Direct surgery on arteries in the treatment of obliterative arterial disease has been used extensively since the pioneering work of Dos Santos, published in 1947.1,3,6,9,14 Thromboendarterectomy was followed by the use of arterial homografts2,10,13 and subsequently by the use of plastic prostheses, either as replacements or as bypasses for the involved segments. We have employed thromboendarterectomy almost exclusively over the past seven years. The present paper deals with a critical evaluation of this procedure based on experience in 87 cases treated on the private service of one of us (N. E. F.).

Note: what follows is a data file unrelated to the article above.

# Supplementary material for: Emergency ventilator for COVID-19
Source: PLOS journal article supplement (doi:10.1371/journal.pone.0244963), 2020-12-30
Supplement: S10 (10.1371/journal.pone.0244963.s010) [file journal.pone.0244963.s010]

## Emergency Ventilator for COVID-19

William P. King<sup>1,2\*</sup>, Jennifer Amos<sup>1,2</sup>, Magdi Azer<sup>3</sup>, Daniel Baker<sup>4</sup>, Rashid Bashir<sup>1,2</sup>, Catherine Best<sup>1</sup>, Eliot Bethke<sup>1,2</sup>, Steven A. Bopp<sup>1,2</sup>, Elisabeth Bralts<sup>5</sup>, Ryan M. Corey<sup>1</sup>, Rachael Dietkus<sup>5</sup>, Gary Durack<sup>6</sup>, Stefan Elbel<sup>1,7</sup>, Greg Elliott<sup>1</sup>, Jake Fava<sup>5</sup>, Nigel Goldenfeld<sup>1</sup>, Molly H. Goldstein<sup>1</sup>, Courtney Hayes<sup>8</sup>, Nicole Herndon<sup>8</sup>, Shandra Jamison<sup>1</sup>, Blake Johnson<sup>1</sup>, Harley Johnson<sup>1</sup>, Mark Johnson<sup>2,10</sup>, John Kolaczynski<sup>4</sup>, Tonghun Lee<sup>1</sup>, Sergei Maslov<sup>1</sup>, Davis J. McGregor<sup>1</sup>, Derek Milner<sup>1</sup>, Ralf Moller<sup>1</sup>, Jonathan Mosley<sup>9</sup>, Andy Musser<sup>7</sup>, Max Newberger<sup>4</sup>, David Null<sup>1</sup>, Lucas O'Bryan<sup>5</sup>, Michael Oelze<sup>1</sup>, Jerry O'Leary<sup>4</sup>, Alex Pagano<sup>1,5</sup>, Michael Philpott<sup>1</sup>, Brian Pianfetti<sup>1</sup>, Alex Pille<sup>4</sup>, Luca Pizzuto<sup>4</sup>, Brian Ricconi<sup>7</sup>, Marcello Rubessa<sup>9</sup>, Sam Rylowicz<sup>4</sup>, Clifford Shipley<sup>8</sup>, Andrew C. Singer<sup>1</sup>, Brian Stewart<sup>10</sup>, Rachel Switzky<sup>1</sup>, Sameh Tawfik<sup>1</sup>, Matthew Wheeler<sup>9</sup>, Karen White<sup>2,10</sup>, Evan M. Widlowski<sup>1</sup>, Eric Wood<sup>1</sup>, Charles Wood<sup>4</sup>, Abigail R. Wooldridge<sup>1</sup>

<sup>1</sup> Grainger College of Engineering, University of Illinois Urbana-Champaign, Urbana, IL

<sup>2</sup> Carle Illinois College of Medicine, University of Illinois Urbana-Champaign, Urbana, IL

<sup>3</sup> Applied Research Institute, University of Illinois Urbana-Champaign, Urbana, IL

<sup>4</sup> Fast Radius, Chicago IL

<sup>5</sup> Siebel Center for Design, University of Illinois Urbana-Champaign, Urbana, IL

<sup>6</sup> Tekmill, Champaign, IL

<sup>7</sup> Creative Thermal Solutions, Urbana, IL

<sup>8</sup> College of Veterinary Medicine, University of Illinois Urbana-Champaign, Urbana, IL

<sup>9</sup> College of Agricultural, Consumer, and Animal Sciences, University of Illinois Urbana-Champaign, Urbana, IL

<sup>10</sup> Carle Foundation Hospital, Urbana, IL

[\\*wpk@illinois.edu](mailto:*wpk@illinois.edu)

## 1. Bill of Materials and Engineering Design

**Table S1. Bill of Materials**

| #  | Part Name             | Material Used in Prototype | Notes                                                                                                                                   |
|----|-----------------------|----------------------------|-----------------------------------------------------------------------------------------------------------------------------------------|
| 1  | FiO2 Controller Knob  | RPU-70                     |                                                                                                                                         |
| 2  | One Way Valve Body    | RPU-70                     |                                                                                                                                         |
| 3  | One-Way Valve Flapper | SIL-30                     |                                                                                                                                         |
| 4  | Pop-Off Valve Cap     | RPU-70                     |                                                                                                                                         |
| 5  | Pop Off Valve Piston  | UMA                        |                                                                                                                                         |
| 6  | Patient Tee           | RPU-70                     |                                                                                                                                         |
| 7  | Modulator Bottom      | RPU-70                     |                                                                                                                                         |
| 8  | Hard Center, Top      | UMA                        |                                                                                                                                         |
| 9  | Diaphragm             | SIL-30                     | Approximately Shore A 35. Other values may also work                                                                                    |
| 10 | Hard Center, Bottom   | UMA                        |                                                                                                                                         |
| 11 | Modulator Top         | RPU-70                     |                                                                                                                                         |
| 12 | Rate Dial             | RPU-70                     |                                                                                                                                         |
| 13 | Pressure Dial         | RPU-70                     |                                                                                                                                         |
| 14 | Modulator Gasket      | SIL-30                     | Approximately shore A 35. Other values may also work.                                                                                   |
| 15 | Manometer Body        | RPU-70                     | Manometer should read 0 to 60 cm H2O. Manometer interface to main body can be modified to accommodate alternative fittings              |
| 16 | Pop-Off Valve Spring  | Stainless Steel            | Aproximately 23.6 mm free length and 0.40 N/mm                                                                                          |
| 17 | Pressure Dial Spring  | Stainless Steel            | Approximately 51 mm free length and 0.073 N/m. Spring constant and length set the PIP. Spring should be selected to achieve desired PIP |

For the purpose of analysis, these cases have been divided into two main groups, depending upon whether the operation was performed for the relief of intermittent claudication or for the severer form of the disease, when the presenting complaint was rest pain, ulceration, or gangrene. As our experience has developed, we have been forced to become